Throughout my playthrough of Killzone 2's single-player campaign, I regularly found myself making comparisons to Gears of War 2. This might seem strange given that these are very different games, one being a first-person shooter and the other being in third-person. But they share a certain gritty meat-headed quality that made it impossible for me not to think of one while playing the other. And again and again, the resounding conclusion I kept reaching about Killzone 2 was that it was missing one very important ingredient: personality.
Sure, the dialog in Killzone 2 sucks. It makes Gears seem like it was written by Shakespeare. Don't get me wrong, the dialog in Gears is pretty stupid, but it's at least sort of smartly stupid. And sure, Killzone 2 could have used some kind of extra gameplay hook to help set it apart from the crowd. Gears has its chainsaw bayonet, but there's nothing similarly unique or interesting in Killzone 2's combat. But I could probably forgive these things if Guerrilla had bothered to inject the game with at least a shred of personality.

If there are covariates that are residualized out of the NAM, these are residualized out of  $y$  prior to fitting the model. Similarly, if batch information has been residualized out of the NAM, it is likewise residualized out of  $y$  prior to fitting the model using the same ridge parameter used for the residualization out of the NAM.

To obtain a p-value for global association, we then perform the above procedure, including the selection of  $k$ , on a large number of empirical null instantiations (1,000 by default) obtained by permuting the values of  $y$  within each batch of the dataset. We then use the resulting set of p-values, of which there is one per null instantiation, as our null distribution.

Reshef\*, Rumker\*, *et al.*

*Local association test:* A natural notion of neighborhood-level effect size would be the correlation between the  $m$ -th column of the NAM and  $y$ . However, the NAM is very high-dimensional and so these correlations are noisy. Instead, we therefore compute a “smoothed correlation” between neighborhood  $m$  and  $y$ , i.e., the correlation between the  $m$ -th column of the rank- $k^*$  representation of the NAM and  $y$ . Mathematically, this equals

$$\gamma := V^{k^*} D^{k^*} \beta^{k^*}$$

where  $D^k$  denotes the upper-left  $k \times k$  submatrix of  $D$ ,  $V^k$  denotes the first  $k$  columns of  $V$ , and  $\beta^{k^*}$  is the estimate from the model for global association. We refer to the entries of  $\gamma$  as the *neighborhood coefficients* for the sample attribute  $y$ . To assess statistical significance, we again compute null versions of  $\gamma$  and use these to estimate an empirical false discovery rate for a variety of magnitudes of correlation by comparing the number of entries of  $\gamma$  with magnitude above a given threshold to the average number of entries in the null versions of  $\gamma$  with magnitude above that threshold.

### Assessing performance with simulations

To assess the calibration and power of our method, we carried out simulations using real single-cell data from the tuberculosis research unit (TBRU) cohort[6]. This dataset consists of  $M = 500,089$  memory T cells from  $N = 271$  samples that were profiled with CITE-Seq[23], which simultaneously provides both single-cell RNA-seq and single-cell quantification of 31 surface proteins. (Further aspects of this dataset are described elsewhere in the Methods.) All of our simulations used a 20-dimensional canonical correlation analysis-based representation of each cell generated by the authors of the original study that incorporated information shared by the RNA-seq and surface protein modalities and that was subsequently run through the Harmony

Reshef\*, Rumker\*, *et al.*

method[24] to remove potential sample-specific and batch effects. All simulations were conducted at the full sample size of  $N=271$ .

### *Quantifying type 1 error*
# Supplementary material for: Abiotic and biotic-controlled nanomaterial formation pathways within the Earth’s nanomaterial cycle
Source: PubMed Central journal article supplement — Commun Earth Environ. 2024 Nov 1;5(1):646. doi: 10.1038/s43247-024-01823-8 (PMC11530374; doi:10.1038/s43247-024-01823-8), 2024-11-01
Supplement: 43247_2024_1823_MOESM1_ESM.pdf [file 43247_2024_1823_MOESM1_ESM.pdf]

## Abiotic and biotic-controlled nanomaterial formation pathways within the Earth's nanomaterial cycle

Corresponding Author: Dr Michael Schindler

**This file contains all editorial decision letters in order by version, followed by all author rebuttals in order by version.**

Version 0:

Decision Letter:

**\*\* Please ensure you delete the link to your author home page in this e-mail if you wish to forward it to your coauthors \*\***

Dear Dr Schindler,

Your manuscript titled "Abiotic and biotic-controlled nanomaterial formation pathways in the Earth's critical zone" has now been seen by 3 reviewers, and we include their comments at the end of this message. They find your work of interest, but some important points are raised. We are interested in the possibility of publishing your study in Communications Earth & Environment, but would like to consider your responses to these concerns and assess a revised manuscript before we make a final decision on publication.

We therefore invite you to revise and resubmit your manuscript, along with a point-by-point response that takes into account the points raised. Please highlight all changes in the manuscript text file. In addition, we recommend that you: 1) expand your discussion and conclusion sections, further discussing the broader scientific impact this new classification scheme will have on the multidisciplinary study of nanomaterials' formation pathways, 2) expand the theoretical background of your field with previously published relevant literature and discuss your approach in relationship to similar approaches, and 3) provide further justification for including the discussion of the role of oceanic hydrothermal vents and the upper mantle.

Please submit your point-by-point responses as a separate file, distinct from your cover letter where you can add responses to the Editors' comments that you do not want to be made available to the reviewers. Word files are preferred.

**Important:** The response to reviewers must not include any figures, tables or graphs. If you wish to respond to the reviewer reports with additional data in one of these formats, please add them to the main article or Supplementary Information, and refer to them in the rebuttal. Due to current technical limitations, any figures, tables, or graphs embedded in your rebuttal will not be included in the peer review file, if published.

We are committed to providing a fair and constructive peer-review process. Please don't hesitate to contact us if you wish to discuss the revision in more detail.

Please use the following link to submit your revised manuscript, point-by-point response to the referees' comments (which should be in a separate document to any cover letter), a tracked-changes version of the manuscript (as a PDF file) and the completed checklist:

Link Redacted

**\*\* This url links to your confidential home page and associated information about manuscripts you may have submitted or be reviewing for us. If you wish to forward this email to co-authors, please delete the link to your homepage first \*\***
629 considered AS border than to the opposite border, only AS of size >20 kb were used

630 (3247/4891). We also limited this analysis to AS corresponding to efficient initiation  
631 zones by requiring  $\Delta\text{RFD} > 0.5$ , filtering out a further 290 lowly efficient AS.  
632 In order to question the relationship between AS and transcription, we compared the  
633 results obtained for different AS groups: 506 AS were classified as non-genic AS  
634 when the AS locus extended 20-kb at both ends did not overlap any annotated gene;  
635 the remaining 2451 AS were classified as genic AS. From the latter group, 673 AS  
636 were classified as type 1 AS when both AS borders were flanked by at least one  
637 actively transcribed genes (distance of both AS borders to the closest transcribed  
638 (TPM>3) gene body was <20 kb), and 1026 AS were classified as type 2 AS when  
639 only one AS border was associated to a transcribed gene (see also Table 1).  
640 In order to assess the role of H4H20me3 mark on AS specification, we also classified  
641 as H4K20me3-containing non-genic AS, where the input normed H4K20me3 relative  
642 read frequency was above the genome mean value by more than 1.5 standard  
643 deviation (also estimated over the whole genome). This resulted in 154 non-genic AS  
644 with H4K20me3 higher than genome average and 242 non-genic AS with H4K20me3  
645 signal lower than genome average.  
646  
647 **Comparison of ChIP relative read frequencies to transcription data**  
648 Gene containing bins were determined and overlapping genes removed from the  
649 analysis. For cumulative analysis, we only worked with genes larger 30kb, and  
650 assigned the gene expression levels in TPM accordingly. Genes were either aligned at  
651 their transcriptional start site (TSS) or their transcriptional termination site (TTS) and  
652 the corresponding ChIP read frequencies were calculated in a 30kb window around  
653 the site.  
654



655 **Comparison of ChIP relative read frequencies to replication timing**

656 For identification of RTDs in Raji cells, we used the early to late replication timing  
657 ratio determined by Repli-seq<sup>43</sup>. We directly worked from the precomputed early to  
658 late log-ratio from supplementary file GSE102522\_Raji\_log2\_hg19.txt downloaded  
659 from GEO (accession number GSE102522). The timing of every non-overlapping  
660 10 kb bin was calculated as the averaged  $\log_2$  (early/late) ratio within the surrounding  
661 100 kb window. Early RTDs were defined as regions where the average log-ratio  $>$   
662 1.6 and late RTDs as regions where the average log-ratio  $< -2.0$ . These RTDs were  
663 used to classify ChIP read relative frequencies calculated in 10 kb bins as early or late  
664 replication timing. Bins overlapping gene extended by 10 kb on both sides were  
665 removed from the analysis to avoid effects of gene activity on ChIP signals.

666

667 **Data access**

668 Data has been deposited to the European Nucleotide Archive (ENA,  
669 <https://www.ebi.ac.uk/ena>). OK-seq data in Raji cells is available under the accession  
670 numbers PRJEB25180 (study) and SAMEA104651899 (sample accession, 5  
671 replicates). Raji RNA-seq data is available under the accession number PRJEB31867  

Personality in a game is hard for me to define, but I know when it's not there. Maybe it has something to do with the character design, or the voice acting, or way the weapons handle. I'm not entirely sure. It just seems that with all the money and time Guerrilla spent on making Killzone 2 into a visual powerhouse, they forgot to spend any of that $20+ million budget on hiring some decent writers and actors. It's a shame, because aside from it's utter lack of charm, it's actually a fairly good game. Let's hope that Guerrilla can muster up some creativity for the next installment.
So do Killzone 2's amazing graphics make up for its lack of charm or personality? On a single playthrough, I'd give a tentative yes. But I don't think I'll be coming back.
- My favorite games of 2009 - December 12, 2009
- On letting go of a rare and impractical piece of videogame memorabilia - April 30, 2009
- Killzone 2: Can amazing looks make up for an utter lack of personality? - March 11, 2009